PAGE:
Here's an idea: When you get there, pick the Nikon V1 as #1 so we can all read another 685 comments about it.

Neighbor of mine took out a second mortgage some years ago to buy a full-frame Phase One of some kind. $17K or thereabouts. I guess it's a back, but really part of what looks like a Frankensteinian contraption, as he uses it.

He has a Copal shutter on it and uses Nikkors. His D300 bodies have enough pixels to make comparable-size prints but he prefers the tone of the Phase One. It's paid for itself (and the 2nd mortgage) but he'd never be able to replace it; his business has since all but dried up.

I guess this is the point where we remind people that a lot of people use 8X10 for not only the process of using conventional film and the craft of processing and printing it, but when shooting portraits of people, the actual impact that the process of using a large camera on a person has, i.e. the 'reverence' that the subject feels for the honor of getting photographed with such a thing, and the slowness of the posing, moving, and focusing...it sets a tone that changes the result of the session over someone hopping around with a smaller camera.

On the other hand, this info is just good to know, to be filed away for some future reference; altho I think I actually would have liked to see the back tested against a slow speed transparency film in a 120 6X7 camera with a top notch lens...call me crazy, but after years of shooting sheet film, I just think the smaller format might have been sharper, if grainier, on the edges...

I'm not all that sure 8X10 was never really meant to be blown up all that big, but this is a whole other discussion about the real uses of 8X10 by studio photographers, shooting in "pro", making quick 8X10 contacts for multiple printing, etc. etc.

Those huge shots are going to create a whole new aesthetic.

So did HDR, and look where this got us.

I really enjoy the aesthetics of images shot with an 8x10 camera. It's not really the resolution, rather it's more about the narrow depth of field you get when a 300mm lens is "normal". That said, if they ever make a digital back with an 8x10" sensor, I'm totally renting for a day.

I recently saw a video of Simon Norfolk's recent work in Afganistan, and was interested to see that he switched to medium format digital. Previously he'd done all his work on 4x5. Clearly he decided MF digital was up to the task, altho it takes a lot of guts to lug such an expensive camera around Kabul.

$40,000 is equal to the cost of shooting and processing 2000 sheets of 8x10 film. That's only twice the number of images Richard Misrach shot of New Orleans in the wake of Katrina--images which he shelved in favor of snapshots taking with a 4MP pocket camera.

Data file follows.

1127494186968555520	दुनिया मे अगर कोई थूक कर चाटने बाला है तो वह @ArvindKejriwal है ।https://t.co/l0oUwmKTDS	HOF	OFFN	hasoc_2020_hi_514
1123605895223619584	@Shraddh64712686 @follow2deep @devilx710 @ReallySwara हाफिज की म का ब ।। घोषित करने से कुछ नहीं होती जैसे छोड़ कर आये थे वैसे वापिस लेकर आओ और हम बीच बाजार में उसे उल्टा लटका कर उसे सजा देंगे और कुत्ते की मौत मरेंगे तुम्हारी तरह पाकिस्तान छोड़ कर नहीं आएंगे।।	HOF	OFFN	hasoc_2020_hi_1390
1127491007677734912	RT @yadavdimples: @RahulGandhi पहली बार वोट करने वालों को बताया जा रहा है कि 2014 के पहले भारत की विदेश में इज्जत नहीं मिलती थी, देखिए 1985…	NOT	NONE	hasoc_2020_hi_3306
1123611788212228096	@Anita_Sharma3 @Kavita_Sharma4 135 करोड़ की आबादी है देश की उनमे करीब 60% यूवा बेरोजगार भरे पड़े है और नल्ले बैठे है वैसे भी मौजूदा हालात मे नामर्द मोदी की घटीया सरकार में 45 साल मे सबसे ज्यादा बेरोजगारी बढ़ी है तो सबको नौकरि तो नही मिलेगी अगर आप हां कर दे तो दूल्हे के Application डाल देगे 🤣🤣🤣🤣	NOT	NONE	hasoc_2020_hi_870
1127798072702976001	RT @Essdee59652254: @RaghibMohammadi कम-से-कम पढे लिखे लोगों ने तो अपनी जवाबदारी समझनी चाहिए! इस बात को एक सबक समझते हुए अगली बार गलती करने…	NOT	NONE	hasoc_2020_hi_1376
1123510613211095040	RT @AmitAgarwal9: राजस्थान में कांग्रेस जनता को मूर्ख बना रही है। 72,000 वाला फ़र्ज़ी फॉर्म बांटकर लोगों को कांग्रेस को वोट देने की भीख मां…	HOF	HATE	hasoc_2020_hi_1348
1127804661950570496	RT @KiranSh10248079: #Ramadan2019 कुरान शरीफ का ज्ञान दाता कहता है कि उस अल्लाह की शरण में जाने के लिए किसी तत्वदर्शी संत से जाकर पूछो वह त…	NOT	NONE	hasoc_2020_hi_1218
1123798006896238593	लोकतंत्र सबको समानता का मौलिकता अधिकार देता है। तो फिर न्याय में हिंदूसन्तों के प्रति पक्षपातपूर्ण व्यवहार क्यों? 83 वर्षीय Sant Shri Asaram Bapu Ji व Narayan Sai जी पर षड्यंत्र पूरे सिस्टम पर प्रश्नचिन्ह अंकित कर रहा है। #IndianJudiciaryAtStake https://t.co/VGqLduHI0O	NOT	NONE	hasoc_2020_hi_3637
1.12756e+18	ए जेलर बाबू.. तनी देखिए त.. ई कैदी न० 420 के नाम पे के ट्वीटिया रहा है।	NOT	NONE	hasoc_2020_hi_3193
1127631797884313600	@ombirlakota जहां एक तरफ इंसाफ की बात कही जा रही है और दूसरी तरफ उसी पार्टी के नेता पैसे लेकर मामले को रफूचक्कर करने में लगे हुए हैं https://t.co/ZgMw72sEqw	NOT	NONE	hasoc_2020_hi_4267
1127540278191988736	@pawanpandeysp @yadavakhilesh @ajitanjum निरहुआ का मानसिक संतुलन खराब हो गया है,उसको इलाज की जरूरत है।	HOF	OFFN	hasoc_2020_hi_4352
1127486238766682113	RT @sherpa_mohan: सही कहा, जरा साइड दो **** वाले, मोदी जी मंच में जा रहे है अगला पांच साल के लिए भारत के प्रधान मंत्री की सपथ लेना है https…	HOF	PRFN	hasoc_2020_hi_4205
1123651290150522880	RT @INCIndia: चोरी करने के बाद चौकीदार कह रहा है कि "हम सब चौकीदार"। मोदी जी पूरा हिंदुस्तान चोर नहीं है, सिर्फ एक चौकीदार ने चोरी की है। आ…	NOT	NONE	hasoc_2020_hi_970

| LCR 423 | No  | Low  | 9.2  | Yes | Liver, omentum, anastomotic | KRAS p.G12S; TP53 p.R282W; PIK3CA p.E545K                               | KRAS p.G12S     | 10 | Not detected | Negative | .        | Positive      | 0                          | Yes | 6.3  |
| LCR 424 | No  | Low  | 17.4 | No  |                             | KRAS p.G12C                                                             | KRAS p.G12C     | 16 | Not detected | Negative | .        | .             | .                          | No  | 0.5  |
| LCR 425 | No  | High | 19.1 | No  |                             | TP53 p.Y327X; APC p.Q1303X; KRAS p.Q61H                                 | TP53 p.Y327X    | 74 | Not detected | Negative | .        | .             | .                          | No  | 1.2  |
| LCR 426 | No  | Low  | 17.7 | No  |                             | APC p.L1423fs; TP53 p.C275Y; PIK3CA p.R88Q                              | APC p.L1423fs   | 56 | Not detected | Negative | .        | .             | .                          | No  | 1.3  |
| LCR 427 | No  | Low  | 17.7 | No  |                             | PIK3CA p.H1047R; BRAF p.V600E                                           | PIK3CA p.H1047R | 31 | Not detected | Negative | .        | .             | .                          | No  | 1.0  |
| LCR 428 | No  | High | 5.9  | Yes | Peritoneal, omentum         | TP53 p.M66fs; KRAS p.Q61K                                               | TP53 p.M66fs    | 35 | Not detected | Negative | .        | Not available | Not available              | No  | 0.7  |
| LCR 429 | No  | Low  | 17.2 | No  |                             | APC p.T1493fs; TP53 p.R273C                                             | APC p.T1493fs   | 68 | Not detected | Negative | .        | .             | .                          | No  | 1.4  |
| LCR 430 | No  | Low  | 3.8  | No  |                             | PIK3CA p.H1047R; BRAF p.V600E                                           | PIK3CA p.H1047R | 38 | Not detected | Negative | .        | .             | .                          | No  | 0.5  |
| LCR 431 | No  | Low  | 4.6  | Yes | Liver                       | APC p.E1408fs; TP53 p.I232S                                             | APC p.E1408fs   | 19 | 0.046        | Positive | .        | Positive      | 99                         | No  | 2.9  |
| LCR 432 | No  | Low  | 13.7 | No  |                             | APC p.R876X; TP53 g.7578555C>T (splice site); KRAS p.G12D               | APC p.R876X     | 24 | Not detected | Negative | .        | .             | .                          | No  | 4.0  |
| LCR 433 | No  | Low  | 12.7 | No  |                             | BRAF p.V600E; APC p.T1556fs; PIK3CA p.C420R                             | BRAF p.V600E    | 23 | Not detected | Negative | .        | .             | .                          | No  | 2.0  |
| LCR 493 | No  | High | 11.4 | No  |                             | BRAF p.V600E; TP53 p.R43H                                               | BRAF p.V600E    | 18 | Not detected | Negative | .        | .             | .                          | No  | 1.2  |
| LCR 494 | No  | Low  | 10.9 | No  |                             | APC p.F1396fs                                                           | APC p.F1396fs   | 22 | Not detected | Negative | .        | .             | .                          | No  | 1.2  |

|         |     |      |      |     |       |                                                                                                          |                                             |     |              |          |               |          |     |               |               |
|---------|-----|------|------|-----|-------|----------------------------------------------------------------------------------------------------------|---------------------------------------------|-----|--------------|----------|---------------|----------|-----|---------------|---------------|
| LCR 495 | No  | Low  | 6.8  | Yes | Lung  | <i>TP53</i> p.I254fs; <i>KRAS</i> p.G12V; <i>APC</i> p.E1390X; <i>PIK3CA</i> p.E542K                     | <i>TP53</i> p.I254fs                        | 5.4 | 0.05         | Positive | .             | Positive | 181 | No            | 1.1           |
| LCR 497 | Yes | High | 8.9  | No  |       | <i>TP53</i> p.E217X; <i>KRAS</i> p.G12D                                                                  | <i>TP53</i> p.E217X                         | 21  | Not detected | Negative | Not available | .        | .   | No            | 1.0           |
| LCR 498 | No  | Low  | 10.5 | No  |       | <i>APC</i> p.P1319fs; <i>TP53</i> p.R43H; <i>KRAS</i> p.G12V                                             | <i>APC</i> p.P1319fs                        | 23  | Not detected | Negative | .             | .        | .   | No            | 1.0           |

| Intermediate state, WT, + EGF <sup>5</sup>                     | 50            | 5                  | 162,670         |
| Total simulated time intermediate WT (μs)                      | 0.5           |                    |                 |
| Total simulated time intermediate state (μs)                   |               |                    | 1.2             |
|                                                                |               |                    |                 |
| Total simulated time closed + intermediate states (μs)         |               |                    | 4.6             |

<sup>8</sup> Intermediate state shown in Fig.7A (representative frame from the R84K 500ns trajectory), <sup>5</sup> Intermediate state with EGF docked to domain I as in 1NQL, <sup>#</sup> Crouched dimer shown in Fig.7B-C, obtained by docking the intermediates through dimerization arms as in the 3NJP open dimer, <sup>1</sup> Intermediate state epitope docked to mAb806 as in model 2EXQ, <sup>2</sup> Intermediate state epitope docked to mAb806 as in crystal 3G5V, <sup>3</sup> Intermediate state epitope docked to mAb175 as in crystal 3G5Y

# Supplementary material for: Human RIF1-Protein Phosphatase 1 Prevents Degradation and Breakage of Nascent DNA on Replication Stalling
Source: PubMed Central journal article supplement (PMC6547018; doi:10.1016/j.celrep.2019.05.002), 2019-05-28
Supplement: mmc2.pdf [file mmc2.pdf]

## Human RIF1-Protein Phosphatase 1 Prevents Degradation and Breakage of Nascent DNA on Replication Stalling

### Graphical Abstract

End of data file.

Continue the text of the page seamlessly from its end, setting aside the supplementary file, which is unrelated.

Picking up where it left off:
No way I'll ever even get close to one of these things, and it really doesn't faze me. Some of the most haunting, memorable and emotive photographs I've ever seen were taken with Holgas. And after recently seeing Doug Rickard's A New American Picture (rephotographed Google map images off his monitor screen) as contemporary wall sized prints, you'd be surprised how such fuzzy, artifact riddled images still hold up as photographs that can still be very well worth looking at and appreciated.


It was quite interesing, the comment by Curt Gerston about the PODAS workshop in the Palouse of Washington. Accidently, I was in the area and saw the PODAS vans heading up to Steptoe Butte.
There is one photo on the LuLa website about taken 20 hours before one I took with a Canon 5DII. I think my composition is slightly better, but the tonality range of the Phase One photo is outstanding. The 5DII is pushing my economics, but I had fun. I trust they did too.

80 megapixels is nice, but if the absolute maximum-length exposure it can handle is two minutes (and less than that in hot weather, of which we have plenty here in Arizona!), then the IQ180 won't work for me no matter what sort of magical image quality it might offer.

At least that's the rational I've used to convince myself not to upgrade my P30+ ... for the moment, anyway.

Dear Tom Kwas,

Okay you're crazy.


As a guy who spent decades testing these kind of products, I can tell you that the smaller format would definitely not have been sharper. Although it might have just squeaked in as "as sharp" in one of those hero experiments I talked about. But realistically, nope. When you start to pixel-peep medium format film photographs, they turn out not to be anywhere as sharp as you imagined.